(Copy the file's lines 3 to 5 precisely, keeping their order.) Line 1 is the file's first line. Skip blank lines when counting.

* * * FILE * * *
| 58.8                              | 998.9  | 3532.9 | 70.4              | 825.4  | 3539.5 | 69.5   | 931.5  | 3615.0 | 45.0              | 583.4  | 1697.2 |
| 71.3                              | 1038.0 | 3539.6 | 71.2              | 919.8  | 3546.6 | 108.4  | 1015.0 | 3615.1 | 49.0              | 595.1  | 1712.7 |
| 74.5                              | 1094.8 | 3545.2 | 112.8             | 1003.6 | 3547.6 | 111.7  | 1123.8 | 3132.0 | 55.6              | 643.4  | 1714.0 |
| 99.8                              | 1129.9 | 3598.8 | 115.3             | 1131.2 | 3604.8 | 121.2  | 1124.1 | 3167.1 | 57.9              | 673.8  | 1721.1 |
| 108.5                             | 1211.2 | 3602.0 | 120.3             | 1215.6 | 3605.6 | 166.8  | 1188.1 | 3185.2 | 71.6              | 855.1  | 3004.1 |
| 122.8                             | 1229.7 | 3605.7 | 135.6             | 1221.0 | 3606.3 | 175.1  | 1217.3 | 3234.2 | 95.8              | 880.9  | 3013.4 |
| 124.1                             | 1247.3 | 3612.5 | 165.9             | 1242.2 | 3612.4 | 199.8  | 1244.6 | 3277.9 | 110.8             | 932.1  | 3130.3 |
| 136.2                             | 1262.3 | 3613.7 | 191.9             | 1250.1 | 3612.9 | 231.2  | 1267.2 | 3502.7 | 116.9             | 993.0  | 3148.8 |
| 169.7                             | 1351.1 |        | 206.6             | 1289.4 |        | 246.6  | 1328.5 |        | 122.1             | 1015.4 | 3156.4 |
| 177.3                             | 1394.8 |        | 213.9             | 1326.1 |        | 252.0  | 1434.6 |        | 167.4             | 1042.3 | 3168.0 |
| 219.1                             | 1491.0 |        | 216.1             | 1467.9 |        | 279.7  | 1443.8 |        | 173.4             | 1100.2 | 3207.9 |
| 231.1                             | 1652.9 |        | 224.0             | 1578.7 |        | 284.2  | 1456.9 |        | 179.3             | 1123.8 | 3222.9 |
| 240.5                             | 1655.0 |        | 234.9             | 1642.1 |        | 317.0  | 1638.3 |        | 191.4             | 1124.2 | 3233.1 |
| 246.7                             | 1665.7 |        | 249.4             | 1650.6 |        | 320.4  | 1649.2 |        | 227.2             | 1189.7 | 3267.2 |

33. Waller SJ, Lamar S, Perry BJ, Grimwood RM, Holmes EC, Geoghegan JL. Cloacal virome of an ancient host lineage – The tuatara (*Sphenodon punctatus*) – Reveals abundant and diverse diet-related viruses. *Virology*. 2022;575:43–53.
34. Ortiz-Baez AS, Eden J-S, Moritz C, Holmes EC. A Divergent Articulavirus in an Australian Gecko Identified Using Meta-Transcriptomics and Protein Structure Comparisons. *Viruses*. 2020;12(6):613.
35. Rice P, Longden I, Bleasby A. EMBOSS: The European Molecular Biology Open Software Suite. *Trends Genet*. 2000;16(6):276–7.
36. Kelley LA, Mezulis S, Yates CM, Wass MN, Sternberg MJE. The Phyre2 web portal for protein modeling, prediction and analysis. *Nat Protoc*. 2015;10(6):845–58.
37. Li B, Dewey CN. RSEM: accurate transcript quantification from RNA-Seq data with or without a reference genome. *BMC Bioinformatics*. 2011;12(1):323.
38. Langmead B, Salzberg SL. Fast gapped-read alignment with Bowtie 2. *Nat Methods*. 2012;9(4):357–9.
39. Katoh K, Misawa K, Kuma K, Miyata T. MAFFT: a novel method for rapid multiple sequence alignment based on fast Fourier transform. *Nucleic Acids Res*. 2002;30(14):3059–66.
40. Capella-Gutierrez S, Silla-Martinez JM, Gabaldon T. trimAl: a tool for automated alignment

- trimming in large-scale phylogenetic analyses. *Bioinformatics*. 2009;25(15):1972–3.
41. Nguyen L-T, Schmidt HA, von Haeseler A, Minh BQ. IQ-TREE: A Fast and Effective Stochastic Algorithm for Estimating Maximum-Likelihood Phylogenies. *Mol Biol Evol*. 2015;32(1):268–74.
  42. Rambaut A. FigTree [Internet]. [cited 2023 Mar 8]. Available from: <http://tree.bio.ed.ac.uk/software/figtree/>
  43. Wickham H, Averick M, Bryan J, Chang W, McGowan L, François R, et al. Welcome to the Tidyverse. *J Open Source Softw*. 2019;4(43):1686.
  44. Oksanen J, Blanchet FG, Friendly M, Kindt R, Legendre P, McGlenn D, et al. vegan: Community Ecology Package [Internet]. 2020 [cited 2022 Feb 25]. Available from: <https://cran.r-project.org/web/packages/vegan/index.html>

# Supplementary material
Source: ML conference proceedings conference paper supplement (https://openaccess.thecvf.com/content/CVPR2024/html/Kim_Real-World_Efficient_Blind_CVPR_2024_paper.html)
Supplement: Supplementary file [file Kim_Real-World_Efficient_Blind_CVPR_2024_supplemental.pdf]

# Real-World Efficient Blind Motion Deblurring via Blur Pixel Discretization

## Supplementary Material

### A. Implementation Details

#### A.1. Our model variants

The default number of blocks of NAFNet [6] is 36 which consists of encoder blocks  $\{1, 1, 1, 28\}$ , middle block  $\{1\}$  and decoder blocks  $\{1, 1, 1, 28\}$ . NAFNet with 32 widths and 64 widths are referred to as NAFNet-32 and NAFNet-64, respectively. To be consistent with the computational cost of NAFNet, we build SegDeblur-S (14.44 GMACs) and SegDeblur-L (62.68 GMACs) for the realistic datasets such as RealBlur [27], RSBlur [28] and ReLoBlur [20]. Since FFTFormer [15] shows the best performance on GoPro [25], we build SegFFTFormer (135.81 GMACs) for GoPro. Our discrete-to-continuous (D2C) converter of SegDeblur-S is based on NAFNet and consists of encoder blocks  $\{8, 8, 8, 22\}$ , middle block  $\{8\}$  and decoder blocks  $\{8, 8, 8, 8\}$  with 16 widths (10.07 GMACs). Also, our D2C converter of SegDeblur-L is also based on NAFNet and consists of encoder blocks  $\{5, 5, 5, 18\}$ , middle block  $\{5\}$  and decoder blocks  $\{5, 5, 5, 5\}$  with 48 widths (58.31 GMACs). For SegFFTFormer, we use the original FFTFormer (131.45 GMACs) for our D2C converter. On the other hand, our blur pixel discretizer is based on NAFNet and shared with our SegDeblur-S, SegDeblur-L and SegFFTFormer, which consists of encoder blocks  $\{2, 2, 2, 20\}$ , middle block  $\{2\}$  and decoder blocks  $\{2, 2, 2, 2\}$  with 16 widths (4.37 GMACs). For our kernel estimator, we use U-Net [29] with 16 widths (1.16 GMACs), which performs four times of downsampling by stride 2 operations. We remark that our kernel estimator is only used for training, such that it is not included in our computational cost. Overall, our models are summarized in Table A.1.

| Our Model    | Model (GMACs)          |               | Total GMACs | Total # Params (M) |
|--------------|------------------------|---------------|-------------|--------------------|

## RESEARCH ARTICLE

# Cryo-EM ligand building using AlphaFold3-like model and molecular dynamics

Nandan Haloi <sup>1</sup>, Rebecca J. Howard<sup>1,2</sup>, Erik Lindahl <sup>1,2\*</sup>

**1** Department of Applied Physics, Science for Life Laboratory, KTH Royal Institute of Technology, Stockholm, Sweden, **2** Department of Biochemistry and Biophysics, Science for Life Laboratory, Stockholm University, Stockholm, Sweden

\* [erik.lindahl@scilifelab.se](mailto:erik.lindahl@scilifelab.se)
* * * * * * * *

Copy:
| 74.5                              | 1094.8 | 3545.2 | 112.8             | 1003.6 | 3547.6 | 111.7  | 1123.8 | 3132.0 | 55.6              | 643.4  | 1714.0 |
| 99.8                              | 1129.9 | 3598.8 | 115.3             | 1131.2 | 3604.8 | 121.2  | 1124.1 | 3167.1 | 57.9              | 673.8  | 1721.1 |
| 108.5                             | 1211.2 | 3602.0 | 120.3             | 1215.6 | 3605.6 | 166.8  | 1188.1 | 3185.2 | 71.6              | 855.1  | 3004.1 |